Wednesday, September 21, 2005

Written Word Weds. - Last Chance and the Mourning After

Capstone update: a little over 1,000 words done on each essay, odds are good that I'll be pretty much done by tomorrow night *knock on wood*

As you may have guessed, since I'm back in school mode, that also means I've been back in can't-read-unless-it's-school-related mode. Which is a shame, since practically every book I had on hold at the public library came in for me right before I left for Miamuh. What's a double shame is that one of them is Thud!, the latest book in Terry Pratchet's Discworld series, which is, if not my all-time favorite fantasy series, at least my all-time favorite humorous fantasy series. And it's not just a new Discworld book; it's a new Discworld book about Commander Vimes and the Watch, and the Watch books are my favorites. Other books just sitting there waiting for me to read them are Jonathan Strange and Mr. Norrel; My Father the Spy; Wellspring of Chaos; Spanking the Donkey; The Last True Story I'll Ever Tell; Kushiels' Dart; and The Daily Show with Jon Stewart Presents America (The Book), A Citizen's Guide to Democracy Inaction.

Anyway, since this is Written Word Wednesday, I figured I'd post some of my own scribblings in lieu of any reviews. So, here's a short story I wrote for my Creative Writing class many moons ago. 'Tis a bit clunky in parts (I cringed at some of my phrasing while re-reading it just now), and while I haven't the wherewithal to do a total rewrite just now, I did do a significant bit of rewriting, as anyone who's read the original could tell.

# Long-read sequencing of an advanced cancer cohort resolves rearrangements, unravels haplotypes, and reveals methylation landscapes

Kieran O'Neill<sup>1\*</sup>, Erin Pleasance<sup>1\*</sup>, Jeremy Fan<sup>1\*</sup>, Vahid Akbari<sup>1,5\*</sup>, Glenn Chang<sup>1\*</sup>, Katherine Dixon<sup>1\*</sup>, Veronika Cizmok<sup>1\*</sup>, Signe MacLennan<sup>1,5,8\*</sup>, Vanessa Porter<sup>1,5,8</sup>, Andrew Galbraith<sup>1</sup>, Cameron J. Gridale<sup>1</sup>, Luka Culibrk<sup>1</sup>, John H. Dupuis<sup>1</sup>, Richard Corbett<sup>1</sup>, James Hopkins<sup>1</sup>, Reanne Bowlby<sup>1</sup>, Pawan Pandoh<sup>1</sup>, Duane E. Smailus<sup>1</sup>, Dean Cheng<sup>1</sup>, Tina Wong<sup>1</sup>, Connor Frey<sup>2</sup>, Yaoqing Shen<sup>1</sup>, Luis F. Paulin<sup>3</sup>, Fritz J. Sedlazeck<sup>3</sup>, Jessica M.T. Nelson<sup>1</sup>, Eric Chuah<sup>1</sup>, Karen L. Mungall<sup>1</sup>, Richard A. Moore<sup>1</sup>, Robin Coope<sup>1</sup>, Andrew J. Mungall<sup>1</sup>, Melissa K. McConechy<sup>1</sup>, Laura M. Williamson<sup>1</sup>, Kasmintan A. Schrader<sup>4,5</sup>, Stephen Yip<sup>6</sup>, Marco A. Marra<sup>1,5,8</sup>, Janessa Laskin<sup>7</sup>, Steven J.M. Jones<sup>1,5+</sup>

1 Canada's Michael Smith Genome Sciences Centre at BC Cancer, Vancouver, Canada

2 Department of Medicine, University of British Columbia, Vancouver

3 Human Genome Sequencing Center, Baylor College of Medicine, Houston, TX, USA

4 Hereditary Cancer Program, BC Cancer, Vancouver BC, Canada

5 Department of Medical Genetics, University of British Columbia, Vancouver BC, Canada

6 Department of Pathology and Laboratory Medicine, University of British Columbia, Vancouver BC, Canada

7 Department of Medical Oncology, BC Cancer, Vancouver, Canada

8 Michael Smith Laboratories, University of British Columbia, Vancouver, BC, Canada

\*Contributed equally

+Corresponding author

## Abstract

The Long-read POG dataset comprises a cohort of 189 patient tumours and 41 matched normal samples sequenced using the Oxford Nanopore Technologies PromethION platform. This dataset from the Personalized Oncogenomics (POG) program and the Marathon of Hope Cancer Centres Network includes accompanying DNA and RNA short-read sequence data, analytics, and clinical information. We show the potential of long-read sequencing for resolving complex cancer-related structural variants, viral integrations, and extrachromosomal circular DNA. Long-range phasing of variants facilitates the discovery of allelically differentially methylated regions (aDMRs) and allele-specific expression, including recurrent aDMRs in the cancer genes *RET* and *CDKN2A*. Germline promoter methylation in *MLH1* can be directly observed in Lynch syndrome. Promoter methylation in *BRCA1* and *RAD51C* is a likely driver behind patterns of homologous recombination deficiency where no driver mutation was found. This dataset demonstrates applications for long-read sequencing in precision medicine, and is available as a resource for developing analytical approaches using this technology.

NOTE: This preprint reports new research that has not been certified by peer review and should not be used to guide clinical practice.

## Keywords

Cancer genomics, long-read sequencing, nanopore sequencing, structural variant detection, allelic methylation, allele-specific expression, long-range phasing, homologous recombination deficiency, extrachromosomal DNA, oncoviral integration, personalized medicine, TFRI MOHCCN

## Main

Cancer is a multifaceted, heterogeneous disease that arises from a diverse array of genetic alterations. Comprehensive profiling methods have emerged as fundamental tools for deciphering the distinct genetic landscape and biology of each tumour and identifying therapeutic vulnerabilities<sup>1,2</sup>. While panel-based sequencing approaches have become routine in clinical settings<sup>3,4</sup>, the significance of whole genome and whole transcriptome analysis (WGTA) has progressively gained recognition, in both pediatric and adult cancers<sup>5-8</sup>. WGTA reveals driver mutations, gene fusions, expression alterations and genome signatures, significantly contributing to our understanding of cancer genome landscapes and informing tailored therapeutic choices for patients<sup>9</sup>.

Moving on

"Can I help you?"

The voice snapped Josh back to reality from whatever world he entered when he was daydreaming. He turned towards the speaker, a middle aged nurse with peroxide blonde hair. "No thanks," he replied, "I'm just here with my roommate. His Grandfather's sick, and - - "

"Oh, you must mean Shel Barnes!"

Josh looked at her in amazement. "How did you...?"

The nurse laughed, which struck Josh as odd, until he realized she was just trying to put him at ease. "It's no big trick. Ol' Shel's the only Grandfatherly type in the ICU with any visitors right now, and I just saw Billy walking in. You really came with Billy all this way from school just because of Shel?"

He nodded. "Yeah, Bill's mom called a few hours ago and he didn't seem to be in any shape to drive here alone, so here I am."

"Well, I'm glad Billy's here. It'll mean a lot to Shel to see his family one last..." Her voice trailed off. She started to move down the hall. "Well, if you need anything don't be afraid to ask."

As he watched her go off to make her rounds Josh found himself marveling again at the magic small town Oklahoma. From the instant they had walked into the hospital, Bill had been bombarded by sympathetic hugs and handshakes from practically everyone they saw. It boggled Josh’s mind that everyone knew everyone else so well. It was nothing like that in the "big city" where he grew up, as Bill insisted on calling it.